Lesson 14
Estimating Probabilities Through Repeated Experiments
Problem 1
A carnival game has 160 rubber ducks floating in a pool. The person playing the game takes out one duck and looks at it.

If there’s a red mark on the bottom of the duck, the person wins a small prize.

If there’s a blue mark on the bottom of the duck, the person wins a large prize.

Many ducks do not have a mark.
After 50 people have played the game, only 3 of them have won a small prize, and none of them have won a large prize.
Estimate the number of the 160 ducks that you think have red marks on the bottom. Then estimate the number of ducks you think have blue marks. Explain your reasoning.
Solution
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Problem 2
Lin wants to know if flipping a quarter really does have a probability of \(\frac{1}{2}\) of landing heads up, so she flips a quarter 10 times. It lands heads up 3 times and tails up 7 times. Has she proven that the probability is not \(\frac{1}{2}\)? Explain your reasoning.
Solution
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Problem 3
A spinner has four equal sections, with one letter from the word “MATH” in each section.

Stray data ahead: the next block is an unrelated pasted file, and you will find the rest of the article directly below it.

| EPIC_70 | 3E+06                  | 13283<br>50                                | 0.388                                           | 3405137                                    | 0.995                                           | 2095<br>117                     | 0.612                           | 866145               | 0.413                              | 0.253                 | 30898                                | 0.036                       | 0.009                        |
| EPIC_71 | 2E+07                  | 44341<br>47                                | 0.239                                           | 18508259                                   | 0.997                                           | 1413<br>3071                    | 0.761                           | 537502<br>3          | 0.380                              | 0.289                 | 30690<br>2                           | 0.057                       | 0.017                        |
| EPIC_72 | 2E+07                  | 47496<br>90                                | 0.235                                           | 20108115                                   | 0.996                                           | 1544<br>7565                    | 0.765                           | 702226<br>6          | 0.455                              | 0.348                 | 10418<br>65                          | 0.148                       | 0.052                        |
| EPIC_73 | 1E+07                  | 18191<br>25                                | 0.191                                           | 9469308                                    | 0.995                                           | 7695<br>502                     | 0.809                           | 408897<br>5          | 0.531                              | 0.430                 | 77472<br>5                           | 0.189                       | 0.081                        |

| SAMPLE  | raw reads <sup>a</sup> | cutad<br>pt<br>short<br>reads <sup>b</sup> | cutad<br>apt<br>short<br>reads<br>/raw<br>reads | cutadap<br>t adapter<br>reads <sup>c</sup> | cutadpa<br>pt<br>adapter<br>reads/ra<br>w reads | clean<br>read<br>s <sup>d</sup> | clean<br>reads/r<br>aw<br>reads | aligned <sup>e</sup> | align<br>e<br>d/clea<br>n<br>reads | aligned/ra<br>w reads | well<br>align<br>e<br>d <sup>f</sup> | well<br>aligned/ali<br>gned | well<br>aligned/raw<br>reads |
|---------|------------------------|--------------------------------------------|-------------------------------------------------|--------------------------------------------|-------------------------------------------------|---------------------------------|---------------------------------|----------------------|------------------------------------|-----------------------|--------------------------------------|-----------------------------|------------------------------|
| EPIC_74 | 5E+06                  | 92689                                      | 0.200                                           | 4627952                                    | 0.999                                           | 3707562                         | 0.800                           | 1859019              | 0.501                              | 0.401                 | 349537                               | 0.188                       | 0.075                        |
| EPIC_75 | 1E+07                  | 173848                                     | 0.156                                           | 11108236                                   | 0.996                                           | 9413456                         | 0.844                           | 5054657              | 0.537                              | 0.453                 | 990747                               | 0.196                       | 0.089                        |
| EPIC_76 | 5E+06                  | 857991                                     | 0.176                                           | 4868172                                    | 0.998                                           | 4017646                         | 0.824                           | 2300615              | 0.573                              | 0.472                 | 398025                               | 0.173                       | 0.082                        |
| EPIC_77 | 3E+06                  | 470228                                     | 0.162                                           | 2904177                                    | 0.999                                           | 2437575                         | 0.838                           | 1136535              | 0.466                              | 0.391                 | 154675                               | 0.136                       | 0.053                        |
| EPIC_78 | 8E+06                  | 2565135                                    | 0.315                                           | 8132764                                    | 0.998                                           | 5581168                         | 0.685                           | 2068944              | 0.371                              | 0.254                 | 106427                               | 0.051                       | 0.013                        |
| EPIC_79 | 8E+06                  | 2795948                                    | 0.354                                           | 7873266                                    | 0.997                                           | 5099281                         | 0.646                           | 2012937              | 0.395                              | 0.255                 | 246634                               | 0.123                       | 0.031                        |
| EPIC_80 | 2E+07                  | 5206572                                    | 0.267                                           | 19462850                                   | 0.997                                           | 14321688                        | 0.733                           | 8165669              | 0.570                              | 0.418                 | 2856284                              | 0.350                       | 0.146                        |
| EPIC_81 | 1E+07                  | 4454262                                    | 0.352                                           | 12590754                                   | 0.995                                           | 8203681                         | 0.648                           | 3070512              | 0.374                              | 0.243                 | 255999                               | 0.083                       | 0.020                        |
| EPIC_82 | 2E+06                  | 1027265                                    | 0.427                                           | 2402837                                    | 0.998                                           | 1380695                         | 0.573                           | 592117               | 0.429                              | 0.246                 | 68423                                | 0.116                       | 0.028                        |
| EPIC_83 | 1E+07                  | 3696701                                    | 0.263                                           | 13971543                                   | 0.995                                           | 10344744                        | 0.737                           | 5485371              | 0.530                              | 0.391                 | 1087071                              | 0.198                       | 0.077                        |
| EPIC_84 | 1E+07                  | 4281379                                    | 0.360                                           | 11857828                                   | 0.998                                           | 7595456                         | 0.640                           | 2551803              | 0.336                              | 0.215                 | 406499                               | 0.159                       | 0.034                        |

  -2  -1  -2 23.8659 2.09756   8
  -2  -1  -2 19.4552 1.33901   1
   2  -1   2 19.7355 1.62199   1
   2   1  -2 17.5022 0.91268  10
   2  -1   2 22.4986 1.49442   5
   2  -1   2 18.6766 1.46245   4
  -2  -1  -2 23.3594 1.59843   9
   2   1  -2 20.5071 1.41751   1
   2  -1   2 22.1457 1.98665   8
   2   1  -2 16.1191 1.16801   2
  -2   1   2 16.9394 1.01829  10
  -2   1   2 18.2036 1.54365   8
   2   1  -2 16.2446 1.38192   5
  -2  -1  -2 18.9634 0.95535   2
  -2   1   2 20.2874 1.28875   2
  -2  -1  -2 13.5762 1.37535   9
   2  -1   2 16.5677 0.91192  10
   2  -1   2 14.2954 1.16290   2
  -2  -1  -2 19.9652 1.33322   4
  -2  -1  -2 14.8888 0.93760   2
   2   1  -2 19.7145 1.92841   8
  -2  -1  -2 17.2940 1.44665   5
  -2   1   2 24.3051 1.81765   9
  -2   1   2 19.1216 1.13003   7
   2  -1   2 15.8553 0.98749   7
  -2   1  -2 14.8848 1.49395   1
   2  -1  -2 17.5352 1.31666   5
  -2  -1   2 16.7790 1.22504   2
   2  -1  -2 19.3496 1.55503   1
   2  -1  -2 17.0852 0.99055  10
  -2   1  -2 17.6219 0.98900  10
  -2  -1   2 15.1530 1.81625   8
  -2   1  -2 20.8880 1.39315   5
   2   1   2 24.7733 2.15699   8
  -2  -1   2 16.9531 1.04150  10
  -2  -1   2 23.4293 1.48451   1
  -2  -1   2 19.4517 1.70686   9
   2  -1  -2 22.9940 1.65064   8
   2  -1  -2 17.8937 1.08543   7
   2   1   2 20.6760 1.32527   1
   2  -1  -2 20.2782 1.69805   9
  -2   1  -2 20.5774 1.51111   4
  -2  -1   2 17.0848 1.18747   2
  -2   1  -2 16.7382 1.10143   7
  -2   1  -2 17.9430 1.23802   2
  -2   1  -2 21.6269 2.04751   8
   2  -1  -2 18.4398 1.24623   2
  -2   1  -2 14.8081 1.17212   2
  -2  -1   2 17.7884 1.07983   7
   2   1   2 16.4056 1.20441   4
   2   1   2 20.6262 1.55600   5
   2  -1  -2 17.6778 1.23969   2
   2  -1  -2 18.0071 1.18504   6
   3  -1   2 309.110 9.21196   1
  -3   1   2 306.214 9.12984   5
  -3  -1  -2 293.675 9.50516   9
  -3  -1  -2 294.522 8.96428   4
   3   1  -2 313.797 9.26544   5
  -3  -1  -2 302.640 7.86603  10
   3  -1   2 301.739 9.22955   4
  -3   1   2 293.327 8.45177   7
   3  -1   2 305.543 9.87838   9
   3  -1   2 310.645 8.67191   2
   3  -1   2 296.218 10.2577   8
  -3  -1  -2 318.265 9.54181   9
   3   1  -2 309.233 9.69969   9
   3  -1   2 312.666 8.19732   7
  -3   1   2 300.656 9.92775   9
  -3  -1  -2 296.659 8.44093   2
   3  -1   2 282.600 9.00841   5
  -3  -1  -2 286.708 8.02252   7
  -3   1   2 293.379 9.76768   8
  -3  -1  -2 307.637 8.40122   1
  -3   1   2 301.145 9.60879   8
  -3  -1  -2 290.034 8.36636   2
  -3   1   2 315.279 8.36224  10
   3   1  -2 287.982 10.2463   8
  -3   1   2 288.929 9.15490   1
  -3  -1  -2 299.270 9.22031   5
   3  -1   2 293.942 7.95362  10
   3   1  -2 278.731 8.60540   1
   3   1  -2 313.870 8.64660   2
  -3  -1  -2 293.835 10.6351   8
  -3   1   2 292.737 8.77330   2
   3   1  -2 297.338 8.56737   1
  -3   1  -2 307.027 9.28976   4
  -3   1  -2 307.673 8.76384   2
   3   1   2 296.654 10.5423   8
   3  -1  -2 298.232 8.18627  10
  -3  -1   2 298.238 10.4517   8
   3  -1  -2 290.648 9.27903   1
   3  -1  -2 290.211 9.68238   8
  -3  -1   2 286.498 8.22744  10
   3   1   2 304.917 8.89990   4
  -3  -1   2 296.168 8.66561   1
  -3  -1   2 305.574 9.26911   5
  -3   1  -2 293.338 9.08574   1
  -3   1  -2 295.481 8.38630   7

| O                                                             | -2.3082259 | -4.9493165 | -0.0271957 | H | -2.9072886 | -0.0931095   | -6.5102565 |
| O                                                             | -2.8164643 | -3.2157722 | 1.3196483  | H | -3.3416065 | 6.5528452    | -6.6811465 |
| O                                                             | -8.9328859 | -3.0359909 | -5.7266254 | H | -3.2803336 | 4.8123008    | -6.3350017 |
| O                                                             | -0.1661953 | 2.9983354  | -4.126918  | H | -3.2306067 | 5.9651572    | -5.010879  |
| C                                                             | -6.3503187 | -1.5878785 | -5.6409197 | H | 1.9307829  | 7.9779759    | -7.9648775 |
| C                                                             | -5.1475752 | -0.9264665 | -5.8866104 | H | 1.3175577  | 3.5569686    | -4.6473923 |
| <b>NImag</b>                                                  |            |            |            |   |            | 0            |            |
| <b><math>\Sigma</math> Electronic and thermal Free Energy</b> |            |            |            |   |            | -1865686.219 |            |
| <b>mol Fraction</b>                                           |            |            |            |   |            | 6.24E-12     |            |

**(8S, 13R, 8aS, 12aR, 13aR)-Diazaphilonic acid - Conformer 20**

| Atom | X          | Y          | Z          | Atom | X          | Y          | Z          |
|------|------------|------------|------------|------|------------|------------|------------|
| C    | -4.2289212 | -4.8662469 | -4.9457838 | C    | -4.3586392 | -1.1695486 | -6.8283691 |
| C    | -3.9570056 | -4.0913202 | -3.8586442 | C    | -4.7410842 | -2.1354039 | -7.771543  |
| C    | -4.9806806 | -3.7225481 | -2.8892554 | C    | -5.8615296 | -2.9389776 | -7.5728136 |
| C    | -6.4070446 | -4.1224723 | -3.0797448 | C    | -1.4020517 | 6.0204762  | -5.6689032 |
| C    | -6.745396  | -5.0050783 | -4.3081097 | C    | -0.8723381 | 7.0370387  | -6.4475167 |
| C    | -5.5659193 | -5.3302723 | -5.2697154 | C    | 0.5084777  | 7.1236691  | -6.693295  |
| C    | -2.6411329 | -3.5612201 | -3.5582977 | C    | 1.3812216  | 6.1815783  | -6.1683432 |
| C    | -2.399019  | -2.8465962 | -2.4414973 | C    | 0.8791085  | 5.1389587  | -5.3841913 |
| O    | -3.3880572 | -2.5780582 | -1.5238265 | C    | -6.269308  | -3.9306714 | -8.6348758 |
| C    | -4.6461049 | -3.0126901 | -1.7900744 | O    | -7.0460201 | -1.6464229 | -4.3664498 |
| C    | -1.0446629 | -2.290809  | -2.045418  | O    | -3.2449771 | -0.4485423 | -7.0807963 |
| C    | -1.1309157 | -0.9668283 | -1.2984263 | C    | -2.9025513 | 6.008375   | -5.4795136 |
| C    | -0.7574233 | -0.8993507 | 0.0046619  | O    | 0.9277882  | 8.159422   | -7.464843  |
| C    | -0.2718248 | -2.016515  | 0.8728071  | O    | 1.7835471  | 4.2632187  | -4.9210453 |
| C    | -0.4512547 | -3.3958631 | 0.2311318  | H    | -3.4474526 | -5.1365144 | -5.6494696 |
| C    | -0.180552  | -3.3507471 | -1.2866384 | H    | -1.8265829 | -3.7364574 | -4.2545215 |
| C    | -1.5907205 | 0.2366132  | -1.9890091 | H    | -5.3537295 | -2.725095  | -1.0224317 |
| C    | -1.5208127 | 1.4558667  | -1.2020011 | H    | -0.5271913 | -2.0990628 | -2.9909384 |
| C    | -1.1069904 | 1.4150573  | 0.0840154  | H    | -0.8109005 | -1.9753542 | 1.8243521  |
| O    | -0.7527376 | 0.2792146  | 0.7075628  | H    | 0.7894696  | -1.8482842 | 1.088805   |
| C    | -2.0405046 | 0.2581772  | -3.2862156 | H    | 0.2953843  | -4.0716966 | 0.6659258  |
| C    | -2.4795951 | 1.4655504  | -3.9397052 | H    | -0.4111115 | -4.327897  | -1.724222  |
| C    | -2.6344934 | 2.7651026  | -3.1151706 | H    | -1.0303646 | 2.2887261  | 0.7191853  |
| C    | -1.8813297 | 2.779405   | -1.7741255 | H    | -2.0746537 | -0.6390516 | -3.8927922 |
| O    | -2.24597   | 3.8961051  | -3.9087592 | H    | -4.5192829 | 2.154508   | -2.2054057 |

You spin the spinner 20 times. About how many times do you expect it will land on A?

You spin the spinner 80 times. About how many times do you expect it will land on something other than A? Explain your reasoning.
Solution
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Problem 4
A spinner is spun 40 times for a game. Here is a graph showing the fraction of games that are wins under some conditions.
Estimate the probability of a spin winning this game based on the graph.
Solution
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Problem 5
Which event is more likely: rolling a standard number cube and getting an even number, or flipping a coin and having it land heads up?
Solution
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Problem 6
Noah will select a letter at random from the word “FLUTE.” Lin will select a letter at random from the word “CLARINET.”
Which person is more likely to pick the letter “E?” Explain your reasoning.
Solution
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(From Unit 8, Lesson 13.)